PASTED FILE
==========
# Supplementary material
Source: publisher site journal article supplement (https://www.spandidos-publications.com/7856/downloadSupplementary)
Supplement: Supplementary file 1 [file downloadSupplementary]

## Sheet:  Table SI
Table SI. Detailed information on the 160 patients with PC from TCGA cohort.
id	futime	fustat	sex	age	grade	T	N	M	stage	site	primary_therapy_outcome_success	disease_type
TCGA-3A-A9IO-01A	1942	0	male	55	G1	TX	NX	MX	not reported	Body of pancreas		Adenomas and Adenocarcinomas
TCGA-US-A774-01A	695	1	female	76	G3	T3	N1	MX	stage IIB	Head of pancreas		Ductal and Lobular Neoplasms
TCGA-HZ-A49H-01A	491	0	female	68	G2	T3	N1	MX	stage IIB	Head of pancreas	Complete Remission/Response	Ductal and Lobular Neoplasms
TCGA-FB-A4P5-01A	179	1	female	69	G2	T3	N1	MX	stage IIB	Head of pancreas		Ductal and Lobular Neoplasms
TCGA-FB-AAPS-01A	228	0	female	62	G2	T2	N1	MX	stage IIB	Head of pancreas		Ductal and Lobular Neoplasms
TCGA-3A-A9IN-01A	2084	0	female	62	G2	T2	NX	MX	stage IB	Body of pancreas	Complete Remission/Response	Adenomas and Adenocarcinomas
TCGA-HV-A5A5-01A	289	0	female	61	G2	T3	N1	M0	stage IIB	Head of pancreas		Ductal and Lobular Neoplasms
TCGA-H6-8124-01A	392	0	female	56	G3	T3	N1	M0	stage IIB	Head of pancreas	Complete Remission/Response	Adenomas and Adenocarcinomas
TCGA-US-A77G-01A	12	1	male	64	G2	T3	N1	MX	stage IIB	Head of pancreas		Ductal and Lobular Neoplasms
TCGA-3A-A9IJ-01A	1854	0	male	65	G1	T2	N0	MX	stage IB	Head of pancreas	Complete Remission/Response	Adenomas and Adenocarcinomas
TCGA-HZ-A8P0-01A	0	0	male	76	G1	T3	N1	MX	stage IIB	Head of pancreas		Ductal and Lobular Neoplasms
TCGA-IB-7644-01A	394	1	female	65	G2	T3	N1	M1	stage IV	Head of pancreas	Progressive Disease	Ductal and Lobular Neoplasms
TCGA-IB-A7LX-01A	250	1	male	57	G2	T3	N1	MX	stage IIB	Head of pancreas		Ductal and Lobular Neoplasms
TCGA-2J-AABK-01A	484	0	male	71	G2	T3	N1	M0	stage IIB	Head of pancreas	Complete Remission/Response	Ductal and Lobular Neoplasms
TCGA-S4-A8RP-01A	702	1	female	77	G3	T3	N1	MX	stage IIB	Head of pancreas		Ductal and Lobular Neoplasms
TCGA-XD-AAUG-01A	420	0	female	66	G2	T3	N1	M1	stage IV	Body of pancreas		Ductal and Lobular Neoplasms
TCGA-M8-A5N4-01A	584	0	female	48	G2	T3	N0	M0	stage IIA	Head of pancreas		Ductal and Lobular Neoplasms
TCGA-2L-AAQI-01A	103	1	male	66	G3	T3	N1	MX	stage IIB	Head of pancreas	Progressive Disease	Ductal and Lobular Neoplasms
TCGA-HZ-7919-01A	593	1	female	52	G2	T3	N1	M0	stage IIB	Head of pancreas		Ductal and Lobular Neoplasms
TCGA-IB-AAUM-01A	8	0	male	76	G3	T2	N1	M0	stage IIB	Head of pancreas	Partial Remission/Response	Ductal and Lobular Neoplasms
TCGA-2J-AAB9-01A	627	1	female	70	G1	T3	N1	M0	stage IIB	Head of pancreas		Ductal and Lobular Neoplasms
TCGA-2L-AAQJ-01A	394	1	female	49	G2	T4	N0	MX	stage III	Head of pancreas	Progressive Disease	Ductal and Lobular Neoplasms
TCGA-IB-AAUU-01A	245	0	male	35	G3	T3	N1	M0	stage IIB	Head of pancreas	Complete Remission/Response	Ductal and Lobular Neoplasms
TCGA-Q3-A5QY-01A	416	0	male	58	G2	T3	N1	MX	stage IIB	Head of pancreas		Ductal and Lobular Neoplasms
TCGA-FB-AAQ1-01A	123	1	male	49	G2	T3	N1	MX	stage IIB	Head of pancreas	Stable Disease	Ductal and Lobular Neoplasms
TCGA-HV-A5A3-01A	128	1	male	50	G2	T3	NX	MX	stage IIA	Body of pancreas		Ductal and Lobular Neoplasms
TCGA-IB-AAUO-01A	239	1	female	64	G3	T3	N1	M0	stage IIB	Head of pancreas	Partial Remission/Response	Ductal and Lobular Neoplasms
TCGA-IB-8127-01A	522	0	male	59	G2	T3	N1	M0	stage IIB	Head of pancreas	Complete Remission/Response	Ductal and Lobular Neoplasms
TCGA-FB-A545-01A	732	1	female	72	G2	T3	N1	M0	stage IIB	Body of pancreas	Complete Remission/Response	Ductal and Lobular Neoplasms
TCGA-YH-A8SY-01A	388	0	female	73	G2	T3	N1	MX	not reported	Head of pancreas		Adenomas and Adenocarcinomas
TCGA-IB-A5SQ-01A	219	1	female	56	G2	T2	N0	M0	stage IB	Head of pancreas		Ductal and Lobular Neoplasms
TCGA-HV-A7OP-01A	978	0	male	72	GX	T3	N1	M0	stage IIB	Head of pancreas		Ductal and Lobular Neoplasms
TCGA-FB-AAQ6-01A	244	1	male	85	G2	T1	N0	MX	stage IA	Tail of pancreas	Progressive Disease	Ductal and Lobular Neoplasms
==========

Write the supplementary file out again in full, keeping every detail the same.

# Supplementary material
Source: publisher site journal article supplement (https://www.spandidos-publications.com/7856/downloadSupplementary)
Supplement: Supplementary file 1 [file downloadSupplementary]

## Sheet:  Table SI
Table SI. Detailed information on the 160 patients with PC from TCGA cohort.
id	futime	fustat	sex	age	grade	T	N	M	stage	site	primary_therapy_outcome_success	disease_type
TCGA-3A-A9IO-01A	1942	0	male	55	G1	TX	NX	MX	not reported	Body of pancreas		Adenomas and Adenocarcinomas
TCGA-US-A774-01A	695	1	female	76	G3	T3	N1	MX	stage IIB	Head of pancreas		Ductal and Lobular Neoplasms
TCGA-HZ-A49H-01A	491	0	female	68	G2	T3	N1	MX	stage IIB	Head of pancreas	Complete Remission/Response	Ductal and Lobular Neoplasms
TCGA-FB-A4P5-01A	179	1	female	69	G2	T3	N1	MX	stage IIB	Head of pancreas		Ductal and Lobular Neoplasms
TCGA-FB-AAPS-01A	228	0	female	62	G2	T2	N1	MX	stage IIB	Head of pancreas		Ductal and Lobular Neoplasms
TCGA-3A-A9IN-01A	2084	0	female	62	G2	T2	NX	MX	stage IB	Body of pancreas	Complete Remission/Response	Adenomas and Adenocarcinomas
TCGA-HV-A5A5-01A	289	0	female	61	G2	T3	N1	M0	stage IIB	Head of pancreas		Ductal and Lobular Neoplasms
TCGA-H6-8124-01A	392	0	female	56	G3	T3	N1	M0	stage IIB	Head of pancreas	Complete Remission/Response	Adenomas and Adenocarcinomas
TCGA-US-A77G-01A	12	1	male	64	G2	T3	N1	MX	stage IIB	Head of pancreas		Ductal and Lobular Neoplasms
TCGA-3A-A9IJ-01A	1854	0	male	65	G1	T2	N0	MX	stage IB	Head of pancreas	Complete Remission/Response	Adenomas and Adenocarcinomas
TCGA-HZ-A8P0-01A	0	0	male	76	G1	T3	N1	MX	stage IIB	Head of pancreas		Ductal and Lobular Neoplasms
TCGA-IB-7644-01A	394	1	female	65	G2	T3	N1	M1	stage IV	Head of pancreas	Progressive Disease	Ductal and Lobular Neoplasms
TCGA-IB-A7LX-01A	250	1	male	57	G2	T3	N1	MX	stage IIB	Head of pancreas		Ductal and Lobular Neoplasms
TCGA-2J-AABK-01A	484	0	male	71	G2	T3	N1	M0	stage IIB	Head of pancreas	Complete Remission/Response	Ductal and Lobular Neoplasms
TCGA-S4-A8RP-01A	702	1	female	77	G3	T3	N1	MX	stage IIB	Head of pancreas		Ductal and Lobular Neoplasms
TCGA-XD-AAUG-01A	420	0	female	66	G2	T3	N1	M1	stage IV	Body of pancreas		Ductal and Lobular Neoplasms
TCGA-M8-A5N4-01A	584	0	female	48	G2	T3	N0	M0	stage IIA	Head of pancreas		Ductal and Lobular Neoplasms
TCGA-2L-AAQI-01A	103	1	male	66	G3	T3	N1	MX	stage IIB	Head of pancreas	Progressive Disease	Ductal and Lobular Neoplasms
TCGA-HZ-7919-01A	593	1	female	52	G2	T3	N1	M0	stage IIB	Head of pancreas		Ductal and Lobular Neoplasms
TCGA-IB-AAUM-01A	8	0	male	76	G3	T2	N1	M0	stage IIB	Head of pancreas	Partial Remission/Response	Ductal and Lobular Neoplasms
TCGA-2J-AAB9-01A	627	1	female	70	G1	T3	N1	M0	stage IIB	Head of pancreas		Ductal and Lobular Neoplasms
TCGA-2L-AAQJ-01A	394	1	female	49	G2	T4	N0	MX	stage III	Head of pancreas	Progressive Disease	Ductal and Lobular Neoplasms
TCGA-IB-AAUU-01A	245	0	male	35	G3	T3	N1	M0	stage IIB	Head of pancreas	Complete Remission/Response	Ductal and Lobular Neoplasms
TCGA-Q3-A5QY-01A	416	0	male	58	G2	T3	N1	MX	stage IIB	Head of pancreas		Ductal and Lobular Neoplasms
TCGA-FB-AAQ1-01A	123	1	male	49	G2	T3	N1	MX	stage IIB	Head of pancreas	Stable Disease	Ductal and Lobular Neoplasms
TCGA-HV-A5A3-01A	128	1	male	50	G2	T3	NX	MX	stage IIA	Body of pancreas		Ductal and Lobular Neoplasms
TCGA-IB-AAUO-01A	239	1	female	64	G3	T3	N1	M0	stage IIB	Head of pancreas	Partial Remission/Response	Ductal and Lobular Neoplasms
TCGA-IB-8127-01A	522	0	male	59	G2	T3	N1	M0	stage IIB	Head of pancreas	Complete Remission/Response	Ductal and Lobular Neoplasms
TCGA-FB-A545-01A	732	1	female	72	G2	T3	N1	M0	stage IIB	Body of pancreas	Complete Remission/Response	Ductal and Lobular Neoplasms
TCGA-YH-A8SY-01A	388	0	female	73	G2	T3	N1	MX	not reported	Head of pancreas		Adenomas and Adenocarcinomas
TCGA-IB-A5SQ-01A	219	1	female	56	G2	T2	N0	M0	stage IB	Head of pancreas		Ductal and Lobular Neoplasms
TCGA-HV-A7OP-01A	978	0	male	72	GX	T3	N1	M0	stage IIB	Head of pancreas		Ductal and Lobular Neoplasms
TCGA-FB-AAQ6-01A	244	1	male	85	G2	T1	N0	MX	stage IA	Tail of pancreas	Progressive Disease	Ductal and Lobular Neoplasms